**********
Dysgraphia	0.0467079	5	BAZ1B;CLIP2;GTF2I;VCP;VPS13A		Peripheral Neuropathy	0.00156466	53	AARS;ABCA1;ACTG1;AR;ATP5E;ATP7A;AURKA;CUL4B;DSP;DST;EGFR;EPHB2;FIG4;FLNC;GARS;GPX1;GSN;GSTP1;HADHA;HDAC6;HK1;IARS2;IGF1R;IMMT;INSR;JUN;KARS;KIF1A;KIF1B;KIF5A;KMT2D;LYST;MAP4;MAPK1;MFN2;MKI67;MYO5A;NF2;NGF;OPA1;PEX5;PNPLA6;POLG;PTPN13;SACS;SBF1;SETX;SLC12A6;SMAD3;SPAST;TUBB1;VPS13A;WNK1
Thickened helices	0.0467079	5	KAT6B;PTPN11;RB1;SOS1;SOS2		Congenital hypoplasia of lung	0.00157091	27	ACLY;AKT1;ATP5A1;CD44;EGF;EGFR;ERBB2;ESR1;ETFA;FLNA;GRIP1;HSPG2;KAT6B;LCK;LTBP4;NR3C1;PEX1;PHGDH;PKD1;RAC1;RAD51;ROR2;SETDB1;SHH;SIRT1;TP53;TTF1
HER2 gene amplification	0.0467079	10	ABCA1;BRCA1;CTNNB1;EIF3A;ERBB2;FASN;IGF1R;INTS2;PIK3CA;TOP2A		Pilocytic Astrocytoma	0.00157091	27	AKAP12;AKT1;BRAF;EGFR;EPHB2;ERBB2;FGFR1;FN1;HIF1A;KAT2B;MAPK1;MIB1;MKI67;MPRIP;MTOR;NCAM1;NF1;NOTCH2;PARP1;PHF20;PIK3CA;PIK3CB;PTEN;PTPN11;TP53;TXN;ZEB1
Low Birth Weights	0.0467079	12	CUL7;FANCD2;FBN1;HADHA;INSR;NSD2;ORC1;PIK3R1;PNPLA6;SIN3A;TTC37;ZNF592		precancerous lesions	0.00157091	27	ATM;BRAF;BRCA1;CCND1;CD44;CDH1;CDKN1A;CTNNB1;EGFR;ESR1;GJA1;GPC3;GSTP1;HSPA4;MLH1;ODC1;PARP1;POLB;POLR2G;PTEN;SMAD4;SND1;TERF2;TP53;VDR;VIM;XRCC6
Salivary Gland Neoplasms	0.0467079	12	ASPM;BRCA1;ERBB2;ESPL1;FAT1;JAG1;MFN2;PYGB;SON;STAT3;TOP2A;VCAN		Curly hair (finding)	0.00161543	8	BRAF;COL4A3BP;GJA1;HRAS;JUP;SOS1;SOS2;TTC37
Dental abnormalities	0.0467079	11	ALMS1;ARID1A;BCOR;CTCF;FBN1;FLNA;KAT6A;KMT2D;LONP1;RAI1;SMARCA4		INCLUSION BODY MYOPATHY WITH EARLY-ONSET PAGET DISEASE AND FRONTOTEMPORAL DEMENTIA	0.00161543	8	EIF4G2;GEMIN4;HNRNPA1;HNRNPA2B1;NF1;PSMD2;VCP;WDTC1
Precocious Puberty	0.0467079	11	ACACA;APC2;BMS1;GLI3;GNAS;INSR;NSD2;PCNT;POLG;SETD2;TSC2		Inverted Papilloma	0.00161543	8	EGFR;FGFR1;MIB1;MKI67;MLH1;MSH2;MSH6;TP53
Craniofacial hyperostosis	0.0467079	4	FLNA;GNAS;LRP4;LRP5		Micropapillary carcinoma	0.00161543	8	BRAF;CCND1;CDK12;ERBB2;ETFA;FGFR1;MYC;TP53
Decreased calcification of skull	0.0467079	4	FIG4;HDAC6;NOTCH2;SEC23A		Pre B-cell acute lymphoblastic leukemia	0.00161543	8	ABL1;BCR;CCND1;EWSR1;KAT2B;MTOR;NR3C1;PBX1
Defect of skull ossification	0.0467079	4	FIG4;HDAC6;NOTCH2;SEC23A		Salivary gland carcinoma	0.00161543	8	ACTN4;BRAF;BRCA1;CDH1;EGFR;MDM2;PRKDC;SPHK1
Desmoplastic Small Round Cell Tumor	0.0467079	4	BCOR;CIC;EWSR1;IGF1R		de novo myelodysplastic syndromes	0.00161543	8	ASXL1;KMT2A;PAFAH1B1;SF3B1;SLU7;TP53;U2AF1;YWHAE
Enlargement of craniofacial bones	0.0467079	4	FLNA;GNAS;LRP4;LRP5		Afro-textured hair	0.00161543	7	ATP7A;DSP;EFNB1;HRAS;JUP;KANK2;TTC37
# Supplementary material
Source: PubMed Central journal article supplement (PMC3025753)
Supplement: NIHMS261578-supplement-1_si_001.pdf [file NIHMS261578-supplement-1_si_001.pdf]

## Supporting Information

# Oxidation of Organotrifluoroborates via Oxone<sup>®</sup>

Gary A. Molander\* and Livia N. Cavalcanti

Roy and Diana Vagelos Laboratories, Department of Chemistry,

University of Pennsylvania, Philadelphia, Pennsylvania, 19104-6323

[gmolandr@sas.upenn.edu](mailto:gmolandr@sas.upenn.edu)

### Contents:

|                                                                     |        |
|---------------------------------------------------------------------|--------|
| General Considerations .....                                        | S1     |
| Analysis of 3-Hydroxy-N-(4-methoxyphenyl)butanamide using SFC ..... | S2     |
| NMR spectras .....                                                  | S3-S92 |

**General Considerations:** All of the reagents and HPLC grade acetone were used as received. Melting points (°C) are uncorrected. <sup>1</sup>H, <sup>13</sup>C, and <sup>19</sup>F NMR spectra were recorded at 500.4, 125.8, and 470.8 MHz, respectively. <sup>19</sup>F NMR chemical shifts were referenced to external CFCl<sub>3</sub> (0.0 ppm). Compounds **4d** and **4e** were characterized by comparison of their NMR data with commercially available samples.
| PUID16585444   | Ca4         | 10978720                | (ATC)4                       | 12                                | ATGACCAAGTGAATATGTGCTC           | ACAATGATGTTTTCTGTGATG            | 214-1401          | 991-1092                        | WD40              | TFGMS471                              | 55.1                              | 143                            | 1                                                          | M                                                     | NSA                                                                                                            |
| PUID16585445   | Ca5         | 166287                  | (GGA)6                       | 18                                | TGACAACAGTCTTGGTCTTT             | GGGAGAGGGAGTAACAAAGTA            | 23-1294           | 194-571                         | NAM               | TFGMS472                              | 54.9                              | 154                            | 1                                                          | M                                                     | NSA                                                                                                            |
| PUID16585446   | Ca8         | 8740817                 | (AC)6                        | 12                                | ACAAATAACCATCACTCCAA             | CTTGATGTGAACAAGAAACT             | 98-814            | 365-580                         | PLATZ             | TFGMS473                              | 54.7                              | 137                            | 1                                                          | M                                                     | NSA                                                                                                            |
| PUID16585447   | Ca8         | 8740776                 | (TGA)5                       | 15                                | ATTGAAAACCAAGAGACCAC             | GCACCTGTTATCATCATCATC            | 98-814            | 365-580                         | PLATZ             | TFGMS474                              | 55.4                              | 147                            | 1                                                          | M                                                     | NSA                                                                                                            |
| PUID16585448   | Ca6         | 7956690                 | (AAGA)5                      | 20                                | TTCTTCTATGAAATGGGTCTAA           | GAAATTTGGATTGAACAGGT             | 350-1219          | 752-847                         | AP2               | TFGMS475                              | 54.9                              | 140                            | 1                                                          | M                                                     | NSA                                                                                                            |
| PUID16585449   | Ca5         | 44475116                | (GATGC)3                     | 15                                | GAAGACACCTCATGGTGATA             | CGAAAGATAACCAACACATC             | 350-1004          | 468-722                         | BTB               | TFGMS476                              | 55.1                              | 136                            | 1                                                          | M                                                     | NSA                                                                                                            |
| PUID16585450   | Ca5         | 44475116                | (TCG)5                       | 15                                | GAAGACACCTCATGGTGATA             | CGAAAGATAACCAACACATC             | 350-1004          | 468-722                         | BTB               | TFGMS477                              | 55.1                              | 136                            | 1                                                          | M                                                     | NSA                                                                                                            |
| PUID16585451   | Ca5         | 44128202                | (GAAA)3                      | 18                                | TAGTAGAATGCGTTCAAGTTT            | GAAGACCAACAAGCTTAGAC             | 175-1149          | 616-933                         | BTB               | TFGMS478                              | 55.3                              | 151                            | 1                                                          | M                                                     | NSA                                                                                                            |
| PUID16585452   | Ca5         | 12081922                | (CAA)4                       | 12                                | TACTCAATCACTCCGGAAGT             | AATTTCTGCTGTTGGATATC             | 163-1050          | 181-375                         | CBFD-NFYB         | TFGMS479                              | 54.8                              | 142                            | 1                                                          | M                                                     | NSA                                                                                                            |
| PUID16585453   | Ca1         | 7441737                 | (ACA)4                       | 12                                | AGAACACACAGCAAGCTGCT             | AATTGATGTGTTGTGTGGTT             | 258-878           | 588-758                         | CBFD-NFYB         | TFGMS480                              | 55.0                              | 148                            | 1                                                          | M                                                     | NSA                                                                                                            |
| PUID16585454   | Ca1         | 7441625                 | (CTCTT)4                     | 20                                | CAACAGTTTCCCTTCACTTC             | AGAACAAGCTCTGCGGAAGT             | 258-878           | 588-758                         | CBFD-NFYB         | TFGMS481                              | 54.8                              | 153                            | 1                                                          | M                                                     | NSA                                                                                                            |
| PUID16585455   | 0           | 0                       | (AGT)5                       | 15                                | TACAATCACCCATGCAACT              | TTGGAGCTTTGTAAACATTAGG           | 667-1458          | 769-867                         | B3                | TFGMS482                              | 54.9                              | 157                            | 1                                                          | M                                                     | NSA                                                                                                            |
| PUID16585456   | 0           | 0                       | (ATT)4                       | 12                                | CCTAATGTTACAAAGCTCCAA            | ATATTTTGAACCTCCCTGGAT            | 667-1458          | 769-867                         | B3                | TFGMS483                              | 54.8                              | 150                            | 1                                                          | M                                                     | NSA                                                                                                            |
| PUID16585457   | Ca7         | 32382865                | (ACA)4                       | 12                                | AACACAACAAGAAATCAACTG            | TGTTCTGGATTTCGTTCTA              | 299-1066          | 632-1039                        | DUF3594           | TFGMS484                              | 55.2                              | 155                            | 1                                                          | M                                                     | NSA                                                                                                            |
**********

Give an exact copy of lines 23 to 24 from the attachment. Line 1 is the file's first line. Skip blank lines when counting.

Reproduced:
|                                                                     |        |
|---------------------------------------------------------------------|--------|